In an episode of Sex and the City, Carrie reads her boyfriend's book, loves it, but points out a flaw; a woman in New York would not go out in public wearing a scrunchy.

This may not be a concrete mistake, maybe just a matter of opinion, but,

As a reader, would this sort of thing bother you?

As a writer, how deep will you go into research to avoid this type of mistake?

Hi,

Well- that example really is a matter of opinion. Since I've seen women wearing scrunchies in every city I've ever been in- I'm going to assume some women wear them in NY, too. I've never seen the show, but isn't Carrie supposed to be some fashion snob?

As for real facts- it all depends. I try to just enjoy stories for their own sake. If someone was to mention a street in Boston as being oh-I-don't-know-let's say-five minutes from Park Street T station but I know it's really about a ten minute walk (at least) I'm not going to get all bothered.

But if someone is writing a murder mystery and they have someone slowly die of poison, it would greatly bother me if it turned out to have been cyanide. (which is pretty much instantaneous). I'd think a mystery writer should know the poison they are having their killer use! ;)

Kitty Pryde
08-17-2008, 10:29 PM
When I read or watch something and there is a nitpicky type error, it definitely throws me off, but I try not to let it interfere with my enjoyment of the story. I can think of it as my penance for being a smarty-pants know-it-all.

I really like the tv show "Chuck." It's about a nerd-turned-superspy. The premise of the show is that Chuck's friend got him kicked out of Stanford by planting the answer key to an exam in Chuck's dorm room. <Head explodes!> At Stanford, stealing test answers would be a violation of the Honor Code, for which you would be called before the judicial panel. A first time violation (what Chuck is framed for and accused of committing) earns you a one-quarter suspension, community service, and a 'No-pass' in the class at the very most! You can't get expelled unless you are a repeat offender AND THEN do something awful like plagiarize your entire thesis. Every alum knows this because the honor code and fundamental standard are drilled into our heads regularly. A kid on my ski team threw a bunch of ceramic dining hall plates out a third story window at passersby and then got angry and set a fire in the dorm stairwell using lighter fluid and fliers pulled off the wall! She got a one quarter suspension.

Anyway, so the premise doesn't make sense. And the writers could have easily done the research to figure that out. But the story is so good that I have to just let it go. I think that no matter what you write about, a reader who is an expert in your subject matter will pick up on mistakes, no matter how careful you are. and just hope that your story is good enough to avoid book-thrown-against-the-wall syndrome.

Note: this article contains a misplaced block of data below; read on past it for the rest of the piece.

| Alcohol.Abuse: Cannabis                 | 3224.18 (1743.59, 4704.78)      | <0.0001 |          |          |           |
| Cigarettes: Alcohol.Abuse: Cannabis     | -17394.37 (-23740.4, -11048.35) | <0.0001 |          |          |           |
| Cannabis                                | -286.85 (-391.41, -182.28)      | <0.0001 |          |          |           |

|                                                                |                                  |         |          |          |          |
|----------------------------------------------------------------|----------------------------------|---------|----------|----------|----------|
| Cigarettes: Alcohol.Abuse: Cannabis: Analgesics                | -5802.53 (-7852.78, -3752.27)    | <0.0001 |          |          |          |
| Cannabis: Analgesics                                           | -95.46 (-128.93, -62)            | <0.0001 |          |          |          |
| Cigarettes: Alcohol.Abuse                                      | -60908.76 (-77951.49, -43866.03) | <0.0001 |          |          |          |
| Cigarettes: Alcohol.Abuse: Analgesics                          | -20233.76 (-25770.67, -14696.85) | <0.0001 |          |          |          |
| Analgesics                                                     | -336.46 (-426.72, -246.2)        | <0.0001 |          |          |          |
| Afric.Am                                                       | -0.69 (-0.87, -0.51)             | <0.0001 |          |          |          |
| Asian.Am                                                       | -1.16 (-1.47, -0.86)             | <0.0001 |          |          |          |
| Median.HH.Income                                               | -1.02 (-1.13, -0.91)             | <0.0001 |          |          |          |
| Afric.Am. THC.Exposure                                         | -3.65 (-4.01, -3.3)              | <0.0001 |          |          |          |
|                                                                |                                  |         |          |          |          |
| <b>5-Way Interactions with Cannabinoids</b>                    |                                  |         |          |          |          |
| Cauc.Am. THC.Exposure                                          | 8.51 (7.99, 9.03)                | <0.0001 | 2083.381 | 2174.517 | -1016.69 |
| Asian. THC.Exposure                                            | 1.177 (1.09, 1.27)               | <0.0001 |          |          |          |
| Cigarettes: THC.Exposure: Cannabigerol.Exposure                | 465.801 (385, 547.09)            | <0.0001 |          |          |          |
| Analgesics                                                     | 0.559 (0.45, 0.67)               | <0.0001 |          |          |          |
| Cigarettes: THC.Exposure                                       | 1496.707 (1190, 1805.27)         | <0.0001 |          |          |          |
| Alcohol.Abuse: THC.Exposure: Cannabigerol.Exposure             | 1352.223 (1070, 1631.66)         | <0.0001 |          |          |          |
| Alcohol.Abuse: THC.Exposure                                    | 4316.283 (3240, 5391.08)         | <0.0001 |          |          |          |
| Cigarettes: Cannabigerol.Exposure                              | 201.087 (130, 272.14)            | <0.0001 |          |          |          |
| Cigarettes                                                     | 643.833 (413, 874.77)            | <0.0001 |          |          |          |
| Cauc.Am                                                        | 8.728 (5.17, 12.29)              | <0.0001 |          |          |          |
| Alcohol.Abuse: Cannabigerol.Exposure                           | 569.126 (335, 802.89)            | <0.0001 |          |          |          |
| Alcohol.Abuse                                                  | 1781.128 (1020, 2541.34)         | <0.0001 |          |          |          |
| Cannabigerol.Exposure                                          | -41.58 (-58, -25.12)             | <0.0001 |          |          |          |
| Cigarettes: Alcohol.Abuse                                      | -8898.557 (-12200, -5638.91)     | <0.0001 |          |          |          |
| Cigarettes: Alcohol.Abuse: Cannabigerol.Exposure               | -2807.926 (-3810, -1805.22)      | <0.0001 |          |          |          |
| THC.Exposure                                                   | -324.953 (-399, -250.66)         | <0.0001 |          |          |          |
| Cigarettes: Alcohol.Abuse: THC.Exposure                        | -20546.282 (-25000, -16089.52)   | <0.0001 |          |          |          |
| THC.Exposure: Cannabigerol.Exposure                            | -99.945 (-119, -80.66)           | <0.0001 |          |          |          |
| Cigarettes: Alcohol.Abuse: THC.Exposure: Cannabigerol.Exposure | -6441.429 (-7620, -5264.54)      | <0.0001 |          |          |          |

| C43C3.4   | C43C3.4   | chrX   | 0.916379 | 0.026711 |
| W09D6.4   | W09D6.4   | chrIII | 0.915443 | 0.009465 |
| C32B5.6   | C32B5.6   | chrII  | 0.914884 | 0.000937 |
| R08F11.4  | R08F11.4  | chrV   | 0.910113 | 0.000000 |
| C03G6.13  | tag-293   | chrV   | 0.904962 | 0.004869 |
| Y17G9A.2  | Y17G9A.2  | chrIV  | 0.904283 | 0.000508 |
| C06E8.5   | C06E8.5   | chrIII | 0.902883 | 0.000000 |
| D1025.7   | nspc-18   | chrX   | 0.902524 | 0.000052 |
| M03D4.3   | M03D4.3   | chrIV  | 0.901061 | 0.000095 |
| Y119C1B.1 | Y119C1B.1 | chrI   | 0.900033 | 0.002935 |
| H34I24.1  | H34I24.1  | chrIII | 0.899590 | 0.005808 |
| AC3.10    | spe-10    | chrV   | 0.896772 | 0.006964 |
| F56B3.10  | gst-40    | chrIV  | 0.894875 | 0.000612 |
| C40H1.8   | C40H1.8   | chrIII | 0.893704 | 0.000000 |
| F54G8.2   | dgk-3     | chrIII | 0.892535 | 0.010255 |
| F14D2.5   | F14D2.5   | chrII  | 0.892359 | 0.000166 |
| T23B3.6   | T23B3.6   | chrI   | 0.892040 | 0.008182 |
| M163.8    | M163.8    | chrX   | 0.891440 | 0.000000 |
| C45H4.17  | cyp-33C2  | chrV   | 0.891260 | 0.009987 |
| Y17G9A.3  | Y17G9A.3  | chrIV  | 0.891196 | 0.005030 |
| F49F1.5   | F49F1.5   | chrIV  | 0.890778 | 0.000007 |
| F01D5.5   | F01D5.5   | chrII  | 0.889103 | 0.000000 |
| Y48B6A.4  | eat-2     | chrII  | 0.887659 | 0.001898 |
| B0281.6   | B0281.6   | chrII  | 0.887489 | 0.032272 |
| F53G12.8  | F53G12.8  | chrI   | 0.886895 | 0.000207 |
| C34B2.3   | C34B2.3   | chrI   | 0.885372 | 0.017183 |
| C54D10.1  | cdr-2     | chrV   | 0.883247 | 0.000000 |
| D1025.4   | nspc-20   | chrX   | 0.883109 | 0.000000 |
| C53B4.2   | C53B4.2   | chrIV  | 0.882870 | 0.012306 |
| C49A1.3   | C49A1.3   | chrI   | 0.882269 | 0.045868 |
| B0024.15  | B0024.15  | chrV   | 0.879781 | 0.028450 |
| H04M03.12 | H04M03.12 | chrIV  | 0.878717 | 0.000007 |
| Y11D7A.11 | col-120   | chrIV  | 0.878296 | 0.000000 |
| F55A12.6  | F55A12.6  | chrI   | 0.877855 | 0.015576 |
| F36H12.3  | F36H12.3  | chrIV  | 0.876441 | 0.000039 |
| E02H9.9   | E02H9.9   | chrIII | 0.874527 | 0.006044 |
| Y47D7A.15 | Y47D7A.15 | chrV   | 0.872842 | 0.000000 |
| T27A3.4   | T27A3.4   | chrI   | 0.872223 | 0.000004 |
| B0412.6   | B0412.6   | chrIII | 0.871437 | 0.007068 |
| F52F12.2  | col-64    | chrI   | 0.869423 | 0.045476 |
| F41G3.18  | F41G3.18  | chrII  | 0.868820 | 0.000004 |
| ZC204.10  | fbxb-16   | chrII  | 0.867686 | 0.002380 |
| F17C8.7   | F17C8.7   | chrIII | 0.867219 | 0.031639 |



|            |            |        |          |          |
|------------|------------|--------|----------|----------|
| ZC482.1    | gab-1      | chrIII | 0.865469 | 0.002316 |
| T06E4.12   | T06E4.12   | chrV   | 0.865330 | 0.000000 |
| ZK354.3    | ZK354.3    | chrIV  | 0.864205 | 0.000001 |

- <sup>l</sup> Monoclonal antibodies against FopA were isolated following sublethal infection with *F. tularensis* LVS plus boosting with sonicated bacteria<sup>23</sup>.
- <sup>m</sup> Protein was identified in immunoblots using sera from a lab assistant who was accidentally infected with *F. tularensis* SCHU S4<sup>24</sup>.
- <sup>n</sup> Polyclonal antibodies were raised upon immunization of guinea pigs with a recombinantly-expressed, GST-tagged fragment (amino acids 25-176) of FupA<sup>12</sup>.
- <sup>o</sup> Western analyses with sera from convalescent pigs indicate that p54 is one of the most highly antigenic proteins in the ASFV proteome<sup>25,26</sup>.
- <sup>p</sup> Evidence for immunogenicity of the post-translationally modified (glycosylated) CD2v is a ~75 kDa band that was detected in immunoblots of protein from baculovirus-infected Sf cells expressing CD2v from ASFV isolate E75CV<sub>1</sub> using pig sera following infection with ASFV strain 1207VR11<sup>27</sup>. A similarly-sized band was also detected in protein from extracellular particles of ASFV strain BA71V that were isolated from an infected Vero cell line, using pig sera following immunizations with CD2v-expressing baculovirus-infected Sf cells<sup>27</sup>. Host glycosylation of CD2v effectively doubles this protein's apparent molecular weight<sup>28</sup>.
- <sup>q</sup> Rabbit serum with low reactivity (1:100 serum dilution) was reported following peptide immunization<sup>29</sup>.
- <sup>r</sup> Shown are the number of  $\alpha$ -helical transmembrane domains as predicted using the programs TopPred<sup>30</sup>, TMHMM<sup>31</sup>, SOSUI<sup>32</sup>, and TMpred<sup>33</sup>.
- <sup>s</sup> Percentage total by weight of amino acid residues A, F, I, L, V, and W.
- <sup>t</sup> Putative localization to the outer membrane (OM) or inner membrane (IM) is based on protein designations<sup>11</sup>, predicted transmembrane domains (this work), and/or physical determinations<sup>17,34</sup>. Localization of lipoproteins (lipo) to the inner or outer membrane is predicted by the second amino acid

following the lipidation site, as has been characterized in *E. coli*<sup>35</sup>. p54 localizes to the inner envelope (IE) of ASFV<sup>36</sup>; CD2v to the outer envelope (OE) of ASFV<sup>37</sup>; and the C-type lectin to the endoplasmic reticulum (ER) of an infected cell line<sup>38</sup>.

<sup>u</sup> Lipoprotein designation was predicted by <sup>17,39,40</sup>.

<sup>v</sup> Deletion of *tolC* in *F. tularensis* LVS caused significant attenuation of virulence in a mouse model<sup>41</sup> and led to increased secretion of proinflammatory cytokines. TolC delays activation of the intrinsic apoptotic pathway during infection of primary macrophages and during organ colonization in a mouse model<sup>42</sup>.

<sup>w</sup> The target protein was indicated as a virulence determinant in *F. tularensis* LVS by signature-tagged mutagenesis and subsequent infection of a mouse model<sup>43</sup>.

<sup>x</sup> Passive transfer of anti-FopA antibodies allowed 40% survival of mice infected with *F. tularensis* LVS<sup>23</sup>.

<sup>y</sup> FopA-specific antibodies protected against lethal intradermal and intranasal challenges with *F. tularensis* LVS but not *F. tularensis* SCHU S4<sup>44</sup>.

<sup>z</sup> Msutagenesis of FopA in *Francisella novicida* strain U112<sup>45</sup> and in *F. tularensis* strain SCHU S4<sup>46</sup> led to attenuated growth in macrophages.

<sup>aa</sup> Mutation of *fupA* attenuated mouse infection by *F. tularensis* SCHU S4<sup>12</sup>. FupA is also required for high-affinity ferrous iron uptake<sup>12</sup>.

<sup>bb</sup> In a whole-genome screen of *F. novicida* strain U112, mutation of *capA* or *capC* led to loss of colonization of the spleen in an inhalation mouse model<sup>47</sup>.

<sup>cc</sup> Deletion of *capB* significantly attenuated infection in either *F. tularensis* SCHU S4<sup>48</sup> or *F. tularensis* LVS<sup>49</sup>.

Bubastes
08-17-2008, 10:57 PM
I tend to let most things go if the story is good enough. However, I did read a story that put the University of Michigan in East Lansing. As a U-M grad, I found that mistake unforgivable. :D

Topaz044
08-17-2008, 11:41 PM
In my science fiction novel, there was a nuclear attack where some people survived. In order to permit them to survive, I made some scientific blunders. My brother-in-law pointed out these blunders in his own special way-he spent half an hour explaining why it wouldn't work, and then he took out a huge diagram he made especially for me equipped with pie charts and screaming people. And then his wife (my sister) told the rest of my family and they all laughed at me. Suffice to say, I quickly corrected that mistake!

Linda Adams
08-18-2008, 01:02 AM
Bear in mind, this is coming from critting, not reading published works. I run into a lot of stuff that just has sloppy details--things most people will probably identify as being wrong. A lot of times the writer simply isn't paying attention to their writing or doesn't think getting it right matters. But I've also seen some where it's really obvious they didn't do any research at all or watched a movie for research.

Stormhawk
08-18-2008, 01:26 AM
he took out a huge diagram he made especially for me equipped with pie charts and screaming people

<3

That's the cutest/most awesomest thing ever...

BarbaraKE
08-18-2008, 04:11 AM
I am as nitpicky about details as I can be and I tend to spend way to much time researching details which are ultimately not important. But my novel is set in 1870 Prussia and I'm a history buff so I enjoy the research.

I even know what time the moon rose and the phase of the moon on the dates mentioned so that I know if there would have been enough light to see at night. My goal is to have people wonder if the events in my story could have really happened. (Well, that and having an interesting, well-written story too).

Chumplet
08-18-2008, 04:30 AM
I took a few liberties with driving distance between Uxbridge and King City in my novel, and I hope local readers don't test my calculations by driving between the villages during a snowstorm!

Danger Jane
08-18-2008, 06:17 AM
I research everything I can, and absolutely everything that I'm uncertain of.

tehuti88
08-18-2008, 08:36 PM
I get irritated when I read a "modern" story, with a copyright of 2007 or later, that excludes cell phones and has characters watching video tapes instead of DVDs. It was obviously written up to a decade ago and never updated before publication. A minor irritant, but I do notice and it bugs me.

My family still watches the occasional video and has no cell phones. :o Though admittedly we are in the minority.

I think a point that sticks out for me concerning "liberties" or "mistakes" in fiction is also the frequency. Another reason why "The Scorpion King" bugged me so much. Just one big huge inaccuracy. It might be escapist fiction, but it is so lazy. If a writer is going to make up basically everything about the story, there's no point trying to base it on something in history or the real world.

*was not aware of the British "kilometers" thing either*

Grrarrgh
08-18-2008, 10:41 PM
...he took out a huge diagram he made especially for me equipped with pie charts and screaming people.

:roll: I'm sorry for laughing, I can just see my husband doing something exactly like this. And I got a quick flash of the pics of screaming people hung up on a pie chart.